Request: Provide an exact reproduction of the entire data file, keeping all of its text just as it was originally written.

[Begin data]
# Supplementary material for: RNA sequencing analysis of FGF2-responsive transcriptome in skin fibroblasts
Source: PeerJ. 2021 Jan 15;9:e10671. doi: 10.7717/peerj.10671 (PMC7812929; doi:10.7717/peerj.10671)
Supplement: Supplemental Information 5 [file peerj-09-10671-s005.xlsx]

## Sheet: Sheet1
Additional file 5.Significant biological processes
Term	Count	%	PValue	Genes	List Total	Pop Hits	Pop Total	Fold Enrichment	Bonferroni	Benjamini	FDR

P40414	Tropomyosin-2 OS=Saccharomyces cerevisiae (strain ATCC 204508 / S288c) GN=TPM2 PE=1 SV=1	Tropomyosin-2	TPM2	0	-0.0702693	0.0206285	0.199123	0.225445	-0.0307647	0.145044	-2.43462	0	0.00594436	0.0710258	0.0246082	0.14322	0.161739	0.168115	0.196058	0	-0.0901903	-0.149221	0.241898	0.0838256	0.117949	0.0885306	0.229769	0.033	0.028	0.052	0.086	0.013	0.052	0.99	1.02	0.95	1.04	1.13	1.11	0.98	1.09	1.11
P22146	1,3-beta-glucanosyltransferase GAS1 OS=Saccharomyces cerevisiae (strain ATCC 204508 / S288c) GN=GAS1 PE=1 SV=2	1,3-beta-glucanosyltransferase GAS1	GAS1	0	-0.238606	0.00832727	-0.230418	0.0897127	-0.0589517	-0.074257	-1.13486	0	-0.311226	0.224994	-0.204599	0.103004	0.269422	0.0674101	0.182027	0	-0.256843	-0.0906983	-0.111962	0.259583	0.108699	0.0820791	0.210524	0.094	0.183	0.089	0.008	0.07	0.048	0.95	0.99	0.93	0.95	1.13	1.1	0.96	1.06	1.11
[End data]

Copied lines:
# Supplementary material for: RNA sequencing analysis of FGF2-responsive transcriptome in skin fibroblasts
Source: PeerJ. 2021 Jan 15;9:e10671. doi: 10.7717/peerj.10671 (PMC7812929; doi:10.7717/peerj.10671)
Supplement: Supplemental Information 5 [file peerj-09-10671-s005.xlsx]

## Sheet: Sheet1
Additional file 5.Significant biological processes
Term	Count	%	PValue	Genes	List Total	Pop Hits	Pop Total	Fold Enrichment	Bonferroni	Benjamini	FDR

P40414	Tropomyosin-2 OS=Saccharomyces cerevisiae (strain ATCC 204508 / S288c) GN=TPM2 PE=1 SV=1	Tropomyosin-2	TPM2	0	-0.0702693	0.0206285	0.199123	0.225445	-0.0307647	0.145044	-2.43462	0	0.00594436	0.0710258	0.0246082	0.14322	0.161739	0.168115	0.196058	0	-0.0901903	-0.149221	0.241898	0.0838256	0.117949	0.0885306	0.229769	0.033	0.028	0.052	0.086	0.013	0.052	0.99	1.02	0.95	1.04	1.13	1.11	0.98	1.09	1.11
P22146	1,3-beta-glucanosyltransferase GAS1 OS=Saccharomyces cerevisiae (strain ATCC 204508 / S288c) GN=GAS1 PE=1 SV=2	1,3-beta-glucanosyltransferase GAS1	GAS1	0	-0.238606	0.00832727	-0.230418	0.0897127	-0.0589517	-0.074257	-1.13486	0	-0.311226	0.224994	-0.204599	0.103004	0.269422	0.0674101	0.182027	0	-0.256843	-0.0906983	-0.111962	0.259583	0.108699	0.0820791	0.210524	0.094	0.183	0.089	0.008	0.07	0.048	0.95	0.99	0.93	0.95	1.13	1.1	0.96	1.06	1.11